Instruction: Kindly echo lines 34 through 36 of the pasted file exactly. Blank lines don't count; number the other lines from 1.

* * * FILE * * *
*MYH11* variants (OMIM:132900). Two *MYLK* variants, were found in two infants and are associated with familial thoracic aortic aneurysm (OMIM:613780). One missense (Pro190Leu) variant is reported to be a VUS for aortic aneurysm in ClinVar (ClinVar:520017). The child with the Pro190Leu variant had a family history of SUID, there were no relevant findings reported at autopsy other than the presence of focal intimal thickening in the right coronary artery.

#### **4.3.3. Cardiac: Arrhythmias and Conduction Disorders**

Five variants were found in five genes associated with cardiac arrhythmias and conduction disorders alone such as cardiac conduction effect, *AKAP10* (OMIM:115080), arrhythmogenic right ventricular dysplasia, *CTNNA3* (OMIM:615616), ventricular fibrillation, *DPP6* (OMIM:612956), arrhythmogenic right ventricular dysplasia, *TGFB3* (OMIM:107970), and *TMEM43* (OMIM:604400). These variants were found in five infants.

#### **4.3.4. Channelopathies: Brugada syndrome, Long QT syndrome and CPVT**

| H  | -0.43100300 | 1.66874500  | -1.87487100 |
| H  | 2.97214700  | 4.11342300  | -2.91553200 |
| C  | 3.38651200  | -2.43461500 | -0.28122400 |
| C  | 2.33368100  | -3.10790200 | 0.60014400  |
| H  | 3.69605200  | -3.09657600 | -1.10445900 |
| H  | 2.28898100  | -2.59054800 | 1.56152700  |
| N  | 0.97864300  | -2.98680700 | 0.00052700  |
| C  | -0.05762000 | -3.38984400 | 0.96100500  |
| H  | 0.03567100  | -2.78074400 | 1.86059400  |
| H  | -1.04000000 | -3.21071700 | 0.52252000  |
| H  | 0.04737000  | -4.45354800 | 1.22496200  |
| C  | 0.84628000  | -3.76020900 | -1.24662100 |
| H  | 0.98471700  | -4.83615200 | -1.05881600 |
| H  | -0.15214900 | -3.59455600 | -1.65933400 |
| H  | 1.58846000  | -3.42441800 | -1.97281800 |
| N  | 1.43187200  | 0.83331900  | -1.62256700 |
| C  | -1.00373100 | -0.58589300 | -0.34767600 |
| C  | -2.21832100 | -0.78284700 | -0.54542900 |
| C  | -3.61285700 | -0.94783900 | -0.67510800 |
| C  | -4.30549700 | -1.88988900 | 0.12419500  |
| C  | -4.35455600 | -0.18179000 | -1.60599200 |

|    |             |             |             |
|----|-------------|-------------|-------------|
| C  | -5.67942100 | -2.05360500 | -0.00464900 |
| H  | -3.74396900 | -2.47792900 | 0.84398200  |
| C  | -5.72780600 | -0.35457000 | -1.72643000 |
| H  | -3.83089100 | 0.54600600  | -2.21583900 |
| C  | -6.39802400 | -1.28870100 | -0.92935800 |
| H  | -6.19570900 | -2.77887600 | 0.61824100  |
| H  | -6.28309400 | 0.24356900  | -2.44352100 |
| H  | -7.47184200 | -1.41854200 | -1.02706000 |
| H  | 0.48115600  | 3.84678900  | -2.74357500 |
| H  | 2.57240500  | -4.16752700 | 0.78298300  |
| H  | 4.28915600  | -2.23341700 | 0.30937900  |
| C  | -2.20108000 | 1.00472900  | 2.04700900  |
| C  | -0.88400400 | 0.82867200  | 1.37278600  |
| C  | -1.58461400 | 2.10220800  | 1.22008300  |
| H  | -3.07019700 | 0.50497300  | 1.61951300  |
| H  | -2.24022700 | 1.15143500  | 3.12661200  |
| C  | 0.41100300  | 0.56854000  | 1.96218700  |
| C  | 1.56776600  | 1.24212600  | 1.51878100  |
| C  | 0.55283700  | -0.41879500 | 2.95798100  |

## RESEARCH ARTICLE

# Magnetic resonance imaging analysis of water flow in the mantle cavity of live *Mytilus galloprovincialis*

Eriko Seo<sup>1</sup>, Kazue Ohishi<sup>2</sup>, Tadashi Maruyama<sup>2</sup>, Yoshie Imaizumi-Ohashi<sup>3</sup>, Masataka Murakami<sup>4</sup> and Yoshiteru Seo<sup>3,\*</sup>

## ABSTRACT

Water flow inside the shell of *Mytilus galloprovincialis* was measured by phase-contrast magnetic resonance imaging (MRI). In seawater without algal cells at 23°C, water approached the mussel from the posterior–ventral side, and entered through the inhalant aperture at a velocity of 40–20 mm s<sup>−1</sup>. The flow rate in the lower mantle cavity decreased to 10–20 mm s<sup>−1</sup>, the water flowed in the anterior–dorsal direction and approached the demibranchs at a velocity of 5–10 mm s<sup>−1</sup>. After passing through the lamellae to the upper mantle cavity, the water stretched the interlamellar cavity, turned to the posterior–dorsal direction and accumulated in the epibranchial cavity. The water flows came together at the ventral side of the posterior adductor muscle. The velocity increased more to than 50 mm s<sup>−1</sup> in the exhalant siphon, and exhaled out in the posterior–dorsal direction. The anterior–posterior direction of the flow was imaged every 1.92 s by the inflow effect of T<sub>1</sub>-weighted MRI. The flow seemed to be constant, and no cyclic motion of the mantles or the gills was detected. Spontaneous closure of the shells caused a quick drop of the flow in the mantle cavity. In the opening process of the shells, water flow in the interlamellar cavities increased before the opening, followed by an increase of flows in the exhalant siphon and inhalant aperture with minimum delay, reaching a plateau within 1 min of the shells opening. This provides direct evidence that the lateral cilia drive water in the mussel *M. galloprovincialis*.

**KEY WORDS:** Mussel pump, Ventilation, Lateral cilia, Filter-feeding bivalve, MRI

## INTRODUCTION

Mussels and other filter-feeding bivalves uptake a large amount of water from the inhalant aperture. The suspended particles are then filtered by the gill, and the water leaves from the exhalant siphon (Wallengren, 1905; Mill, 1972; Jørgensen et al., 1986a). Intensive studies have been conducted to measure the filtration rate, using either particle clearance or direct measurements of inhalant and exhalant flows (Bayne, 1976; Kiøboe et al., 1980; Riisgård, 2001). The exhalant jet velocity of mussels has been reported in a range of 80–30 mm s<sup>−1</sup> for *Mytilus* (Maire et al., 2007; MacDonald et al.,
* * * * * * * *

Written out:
| H  | -6.28309400 | 0.24356900  | -2.44352100 |
| H  | -7.47184200 | -1.41854200 | -1.02706000 |
| H  | 0.48115600  | 3.84678900  | -2.74357500 |